When Is It Best to Bypass Debt Collectors and Go Back to Your Original Creditor?
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It’s possible in some cases to negotiate with a lender to repay a debt after it’s already been sent to collections. Working with the original creditor, rather than dealing with debt collectors, can be beneficial. Often, the original creditor will offer a more reasonable payment option, reduce the balance on your original loan or even stop interest from accruing on the loan balance altogether.
However, your ability to bypass debt collectors depends on your specific situation. Before you reach out to the original creditor, it is important to know when and how to do so, in addition to how the whole situation may affect your credit history.
The debt-collection process
Lenders handle past-due balances in varying ways, so it’s hard to generalize about when a creditor will turn to third-party debt collectors. The creditor will probably try to collect the debt from you almost immediately after a missed payment. Typically, they won’t declare your debt a charge-off (meaning they no longer expect to get paid) and send your balance to outside collectors until it has been delinquent for several months.
Although the charge-off timeline is different depending on the kind of debt you owe, creditors will usually wait until you have missed at least four monthly payments. It’s common for creditors to contract with outside agencies to handle collections. They might even sell the rights to the debt entirely.
Under the Fair Debt Collection Practices Act (FDCPA), collection agencies cannot use abusive, unfair or deceptive practices. For example, they cannot contact you at inconvenient times, such as before 8 a.m. or after 9 p.m. If a debt collector contacts you within the guidelines of the FDCPA, the Federal Trade Commission (FTC) recommends talking to the collector at least once to see if you can resolve the matter.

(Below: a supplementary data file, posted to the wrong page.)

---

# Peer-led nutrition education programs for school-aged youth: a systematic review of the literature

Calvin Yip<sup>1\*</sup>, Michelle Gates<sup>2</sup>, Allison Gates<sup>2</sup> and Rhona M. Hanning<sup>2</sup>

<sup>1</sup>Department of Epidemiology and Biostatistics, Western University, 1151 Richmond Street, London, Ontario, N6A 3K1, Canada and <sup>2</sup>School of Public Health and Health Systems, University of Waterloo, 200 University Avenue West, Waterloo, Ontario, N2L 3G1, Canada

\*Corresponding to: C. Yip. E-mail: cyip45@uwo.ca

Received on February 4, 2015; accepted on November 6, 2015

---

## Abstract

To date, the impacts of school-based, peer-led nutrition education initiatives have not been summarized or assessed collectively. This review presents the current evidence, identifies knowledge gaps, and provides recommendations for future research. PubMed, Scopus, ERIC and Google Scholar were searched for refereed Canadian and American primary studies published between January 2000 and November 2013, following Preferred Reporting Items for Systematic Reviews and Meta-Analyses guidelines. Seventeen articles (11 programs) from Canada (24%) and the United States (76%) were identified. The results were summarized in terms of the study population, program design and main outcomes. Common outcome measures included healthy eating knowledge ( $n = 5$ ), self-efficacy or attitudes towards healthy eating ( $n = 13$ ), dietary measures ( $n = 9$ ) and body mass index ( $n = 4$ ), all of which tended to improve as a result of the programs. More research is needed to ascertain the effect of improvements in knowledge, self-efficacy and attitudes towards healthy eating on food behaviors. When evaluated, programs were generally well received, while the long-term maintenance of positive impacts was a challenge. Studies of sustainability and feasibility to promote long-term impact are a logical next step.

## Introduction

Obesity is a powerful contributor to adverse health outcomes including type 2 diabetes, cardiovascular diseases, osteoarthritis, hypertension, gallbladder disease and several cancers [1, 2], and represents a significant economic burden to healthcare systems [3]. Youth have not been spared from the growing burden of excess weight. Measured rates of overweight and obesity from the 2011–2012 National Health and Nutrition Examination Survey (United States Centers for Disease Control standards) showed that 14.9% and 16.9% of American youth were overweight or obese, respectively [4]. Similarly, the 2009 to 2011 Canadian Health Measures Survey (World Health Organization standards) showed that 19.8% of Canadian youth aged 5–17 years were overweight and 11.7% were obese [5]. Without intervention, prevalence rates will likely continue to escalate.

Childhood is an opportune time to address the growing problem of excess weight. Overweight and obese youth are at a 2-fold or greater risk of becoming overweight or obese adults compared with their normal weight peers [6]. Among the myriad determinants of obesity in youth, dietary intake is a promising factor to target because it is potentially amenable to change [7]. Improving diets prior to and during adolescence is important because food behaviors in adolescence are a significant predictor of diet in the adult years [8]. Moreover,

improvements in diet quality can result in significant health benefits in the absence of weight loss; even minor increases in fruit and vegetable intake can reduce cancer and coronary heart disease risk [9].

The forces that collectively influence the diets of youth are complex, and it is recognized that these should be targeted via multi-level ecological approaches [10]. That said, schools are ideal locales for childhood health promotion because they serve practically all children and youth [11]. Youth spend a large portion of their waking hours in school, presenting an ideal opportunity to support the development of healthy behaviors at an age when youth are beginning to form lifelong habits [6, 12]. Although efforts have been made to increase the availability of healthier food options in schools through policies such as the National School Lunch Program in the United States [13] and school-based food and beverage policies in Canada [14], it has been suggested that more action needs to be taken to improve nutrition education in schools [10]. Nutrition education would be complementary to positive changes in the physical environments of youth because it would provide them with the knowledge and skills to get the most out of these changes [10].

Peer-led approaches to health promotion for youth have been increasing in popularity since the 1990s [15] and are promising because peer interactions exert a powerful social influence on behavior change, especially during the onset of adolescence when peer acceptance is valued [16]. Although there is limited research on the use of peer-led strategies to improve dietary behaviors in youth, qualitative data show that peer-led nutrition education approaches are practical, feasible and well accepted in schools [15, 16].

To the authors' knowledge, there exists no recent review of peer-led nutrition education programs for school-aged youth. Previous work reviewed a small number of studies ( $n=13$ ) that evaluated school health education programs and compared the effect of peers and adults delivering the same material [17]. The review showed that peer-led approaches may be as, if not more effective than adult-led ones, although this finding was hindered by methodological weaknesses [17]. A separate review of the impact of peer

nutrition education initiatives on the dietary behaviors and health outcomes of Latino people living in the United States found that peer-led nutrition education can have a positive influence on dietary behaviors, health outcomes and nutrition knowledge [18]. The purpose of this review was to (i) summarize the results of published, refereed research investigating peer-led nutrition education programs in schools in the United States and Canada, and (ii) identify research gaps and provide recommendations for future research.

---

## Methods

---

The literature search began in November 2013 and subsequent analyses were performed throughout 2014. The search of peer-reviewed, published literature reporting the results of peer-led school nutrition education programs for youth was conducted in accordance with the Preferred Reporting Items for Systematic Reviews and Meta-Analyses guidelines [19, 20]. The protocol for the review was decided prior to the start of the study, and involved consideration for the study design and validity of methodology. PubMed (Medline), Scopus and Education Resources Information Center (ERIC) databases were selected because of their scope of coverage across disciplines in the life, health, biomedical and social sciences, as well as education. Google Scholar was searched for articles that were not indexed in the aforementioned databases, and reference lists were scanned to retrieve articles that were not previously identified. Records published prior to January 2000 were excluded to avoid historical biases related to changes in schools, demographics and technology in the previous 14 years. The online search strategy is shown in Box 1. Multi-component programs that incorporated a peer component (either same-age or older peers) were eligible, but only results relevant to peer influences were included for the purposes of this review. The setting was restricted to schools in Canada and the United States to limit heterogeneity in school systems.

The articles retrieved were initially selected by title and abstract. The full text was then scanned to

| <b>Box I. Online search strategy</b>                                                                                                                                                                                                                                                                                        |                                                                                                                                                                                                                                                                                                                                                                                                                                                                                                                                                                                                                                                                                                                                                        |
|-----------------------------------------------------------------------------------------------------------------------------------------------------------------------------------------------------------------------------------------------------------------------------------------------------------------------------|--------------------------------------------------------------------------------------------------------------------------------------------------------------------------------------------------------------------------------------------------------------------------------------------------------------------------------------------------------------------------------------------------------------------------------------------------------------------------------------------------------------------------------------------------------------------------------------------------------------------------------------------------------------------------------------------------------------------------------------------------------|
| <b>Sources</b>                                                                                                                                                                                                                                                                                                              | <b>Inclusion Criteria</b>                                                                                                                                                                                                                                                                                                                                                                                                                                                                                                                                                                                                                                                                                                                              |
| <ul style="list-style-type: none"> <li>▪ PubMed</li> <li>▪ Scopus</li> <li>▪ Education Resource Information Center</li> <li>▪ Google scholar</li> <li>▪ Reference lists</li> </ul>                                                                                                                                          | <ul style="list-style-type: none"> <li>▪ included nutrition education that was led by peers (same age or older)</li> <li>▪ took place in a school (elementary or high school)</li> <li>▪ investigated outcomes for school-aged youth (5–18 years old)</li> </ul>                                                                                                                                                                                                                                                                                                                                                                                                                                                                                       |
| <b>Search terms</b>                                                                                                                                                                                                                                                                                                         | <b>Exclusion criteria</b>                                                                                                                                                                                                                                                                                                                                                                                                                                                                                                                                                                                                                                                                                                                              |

When should I try to work with the original lender?
Typically, the original creditor is most willing to negotiate when your balance has recently been sent to a collector. At that point, which is generally within six months, the creditor does not have many expenses in the file and can pull it back easily.
You should call the creditor’s customer service number and ask to set up a payment plan. Avoid coming off as angry or confrontational; being friendly and polite will make the creditor more likely to want to work with you instead of letting a debt collector take over.
Additionally, your chances of success increase significantly if you can give a good explanation as to why you should be offered a payment plan instead of having to pay off the full balance.
Still, there’s no guarantee you’ll be able to pursue this course of action. It could be difficult or impossible to go back to the original lender, depending on the circumstances. This is especially true if the creditor has sold the rights to the debt.
Debt collection and your credit history
It’s vital to be aware that even if you pay off a debt, letting it go to collections may damage your credit scores. Although satisfying your debt and having it marked as paid on your credit reports could help your creditworthiness in the eyes of lenders, even a paid collection account could remain on your credit history for up to seven years.
In the end, it is best to make payments on time and manage your money wisely. However, if you find you’re having trouble making payments, contact your lender as soon as possible to see if you can negotiate a solution that will avoid debt collectors altogether.